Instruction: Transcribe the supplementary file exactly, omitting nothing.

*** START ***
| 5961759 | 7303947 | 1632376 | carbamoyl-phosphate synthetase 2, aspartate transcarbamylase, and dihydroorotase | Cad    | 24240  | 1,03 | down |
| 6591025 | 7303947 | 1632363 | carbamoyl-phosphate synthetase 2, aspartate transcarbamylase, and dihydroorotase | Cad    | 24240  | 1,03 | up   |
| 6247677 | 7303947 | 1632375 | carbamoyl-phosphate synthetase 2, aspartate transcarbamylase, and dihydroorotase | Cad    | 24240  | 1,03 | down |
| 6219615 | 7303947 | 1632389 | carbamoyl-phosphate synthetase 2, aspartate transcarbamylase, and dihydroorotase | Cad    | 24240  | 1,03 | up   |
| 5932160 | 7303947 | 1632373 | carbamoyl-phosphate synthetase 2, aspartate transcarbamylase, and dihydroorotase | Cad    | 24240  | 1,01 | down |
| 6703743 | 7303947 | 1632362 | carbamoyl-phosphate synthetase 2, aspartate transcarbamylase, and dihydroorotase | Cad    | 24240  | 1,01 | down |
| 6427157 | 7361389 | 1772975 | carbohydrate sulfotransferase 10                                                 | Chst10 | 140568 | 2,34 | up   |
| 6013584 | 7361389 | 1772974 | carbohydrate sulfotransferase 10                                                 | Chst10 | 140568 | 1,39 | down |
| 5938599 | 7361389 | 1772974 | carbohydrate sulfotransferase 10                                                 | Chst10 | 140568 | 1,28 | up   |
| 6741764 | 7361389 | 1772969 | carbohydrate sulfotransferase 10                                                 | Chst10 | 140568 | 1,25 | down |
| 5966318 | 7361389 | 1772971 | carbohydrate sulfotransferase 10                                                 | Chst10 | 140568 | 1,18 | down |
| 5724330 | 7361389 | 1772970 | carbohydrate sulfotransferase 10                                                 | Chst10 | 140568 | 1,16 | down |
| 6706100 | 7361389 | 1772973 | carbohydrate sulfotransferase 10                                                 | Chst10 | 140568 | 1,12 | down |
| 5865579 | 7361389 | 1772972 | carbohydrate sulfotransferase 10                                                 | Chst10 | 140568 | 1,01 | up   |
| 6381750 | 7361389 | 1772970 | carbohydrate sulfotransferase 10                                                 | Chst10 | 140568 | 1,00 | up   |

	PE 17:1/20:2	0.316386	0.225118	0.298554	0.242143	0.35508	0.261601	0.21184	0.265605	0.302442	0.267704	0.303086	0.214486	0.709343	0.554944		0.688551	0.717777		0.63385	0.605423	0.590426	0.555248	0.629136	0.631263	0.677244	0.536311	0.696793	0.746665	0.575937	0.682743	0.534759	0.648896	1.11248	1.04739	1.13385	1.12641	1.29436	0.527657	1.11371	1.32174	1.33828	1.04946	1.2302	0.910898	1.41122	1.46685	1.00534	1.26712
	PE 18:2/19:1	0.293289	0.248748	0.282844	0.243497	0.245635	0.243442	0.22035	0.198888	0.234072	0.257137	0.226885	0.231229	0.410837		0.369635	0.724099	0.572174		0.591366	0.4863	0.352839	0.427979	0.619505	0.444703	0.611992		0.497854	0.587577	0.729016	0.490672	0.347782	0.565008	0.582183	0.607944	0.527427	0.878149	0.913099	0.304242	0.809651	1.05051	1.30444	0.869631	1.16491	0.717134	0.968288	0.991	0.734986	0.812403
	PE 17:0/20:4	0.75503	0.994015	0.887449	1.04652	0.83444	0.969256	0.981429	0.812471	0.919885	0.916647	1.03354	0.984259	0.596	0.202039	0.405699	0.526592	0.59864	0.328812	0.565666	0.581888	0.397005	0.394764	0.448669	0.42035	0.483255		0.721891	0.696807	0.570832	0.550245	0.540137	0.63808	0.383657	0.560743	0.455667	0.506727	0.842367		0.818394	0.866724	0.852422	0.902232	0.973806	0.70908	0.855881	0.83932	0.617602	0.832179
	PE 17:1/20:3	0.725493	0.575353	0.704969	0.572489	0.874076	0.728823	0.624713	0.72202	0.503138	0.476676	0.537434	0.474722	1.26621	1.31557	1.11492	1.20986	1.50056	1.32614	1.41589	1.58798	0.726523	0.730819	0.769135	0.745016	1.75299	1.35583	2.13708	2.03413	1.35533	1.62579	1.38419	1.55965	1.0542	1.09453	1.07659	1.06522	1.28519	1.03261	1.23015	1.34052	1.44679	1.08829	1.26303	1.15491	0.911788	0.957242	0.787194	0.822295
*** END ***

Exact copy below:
| 5961759 | 7303947 | 1632376 | carbamoyl-phosphate synthetase 2, aspartate transcarbamylase, and dihydroorotase | Cad    | 24240  | 1,03 | down |
| 6591025 | 7303947 | 1632363 | carbamoyl-phosphate synthetase 2, aspartate transcarbamylase, and dihydroorotase | Cad    | 24240  | 1,03 | up   |
| 6247677 | 7303947 | 1632375 | carbamoyl-phosphate synthetase 2, aspartate transcarbamylase, and dihydroorotase | Cad    | 24240  | 1,03 | down |
| 6219615 | 7303947 | 1632389 | carbamoyl-phosphate synthetase 2, aspartate transcarbamylase, and dihydroorotase | Cad    | 24240  | 1,03 | up   |
| 5932160 | 7303947 | 1632373 | carbamoyl-phosphate synthetase 2, aspartate transcarbamylase, and dihydroorotase | Cad    | 24240  | 1,01 | down |
| 6703743 | 7303947 | 1632362 | carbamoyl-phosphate synthetase 2, aspartate transcarbamylase, and dihydroorotase | Cad    | 24240  | 1,01 | down |
| 6427157 | 7361389 | 1772975 | carbohydrate sulfotransferase 10                                                 | Chst10 | 140568 | 2,34 | up   |
| 6013584 | 7361389 | 1772974 | carbohydrate sulfotransferase 10                                                 | Chst10 | 140568 | 1,39 | down |
| 5938599 | 7361389 | 1772974 | carbohydrate sulfotransferase 10                                                 | Chst10 | 140568 | 1,28 | up   |
| 6741764 | 7361389 | 1772969 | carbohydrate sulfotransferase 10                                                 | Chst10 | 140568 | 1,25 | down |
| 5966318 | 7361389 | 1772971 | carbohydrate sulfotransferase 10                                                 | Chst10 | 140568 | 1,18 | down |
| 5724330 | 7361389 | 1772970 | carbohydrate sulfotransferase 10                                                 | Chst10 | 140568 | 1,16 | down |
| 6706100 | 7361389 | 1772973 | carbohydrate sulfotransferase 10                                                 | Chst10 | 140568 | 1,12 | down |
| 5865579 | 7361389 | 1772972 | carbohydrate sulfotransferase 10                                                 | Chst10 | 140568 | 1,01 | up   |
| 6381750 | 7361389 | 1772970 | carbohydrate sulfotransferase 10                                                 | Chst10 | 140568 | 1,00 | up   |

	PE 17:1/20:2	0.316386	0.225118	0.298554	0.242143	0.35508	0.261601	0.21184	0.265605	0.302442	0.267704	0.303086	0.214486	0.709343	0.554944		0.688551	0.717777		0.63385	0.605423	0.590426	0.555248	0.629136	0.631263	0.677244	0.536311	0.696793	0.746665	0.575937	0.682743	0.534759	0.648896	1.11248	1.04739	1.13385	1.12641	1.29436	0.527657	1.11371	1.32174	1.33828	1.04946	1.2302	0.910898	1.41122	1.46685	1.00534	1.26712
	PE 18:2/19:1	0.293289	0.248748	0.282844	0.243497	0.245635	0.243442	0.22035	0.198888	0.234072	0.257137	0.226885	0.231229	0.410837		0.369635	0.724099	0.572174		0.591366	0.4863	0.352839	0.427979	0.619505	0.444703	0.611992		0.497854	0.587577	0.729016	0.490672	0.347782	0.565008	0.582183	0.607944	0.527427	0.878149	0.913099	0.304242	0.809651	1.05051	1.30444	0.869631	1.16491	0.717134	0.968288	0.991	0.734986	0.812403
	PE 17:0/20:4	0.75503	0.994015	0.887449	1.04652	0.83444	0.969256	0.981429	0.812471	0.919885	0.916647	1.03354	0.984259	0.596	0.202039	0.405699	0.526592	0.59864	0.328812	0.565666	0.581888	0.397005	0.394764	0.448669	0.42035	0.483255		0.721891	0.696807	0.570832	0.550245	0.540137	0.63808	0.383657	0.560743	0.455667	0.506727	0.842367		0.818394	0.866724	0.852422	0.902232	0.973806	0.70908	0.855881	0.83932	0.617602	0.832179
	PE 17:1/20:3	0.725493	0.575353	0.704969	0.572489	0.874076	0.728823	0.624713	0.72202	0.503138	0.476676	0.537434	0.474722	1.26621	1.31557	1.11492	1.20986	1.50056	1.32614	1.41589	1.58798	0.726523	0.730819	0.769135	0.745016	1.75299	1.35583	2.13708	2.03413	1.35533	1.62579	1.38419	1.55965	1.0542	1.09453	1.07659	1.06522	1.28519	1.03261	1.23015	1.34052	1.44679	1.08829	1.26303	1.15491	0.911788	0.957242	0.787194	0.822295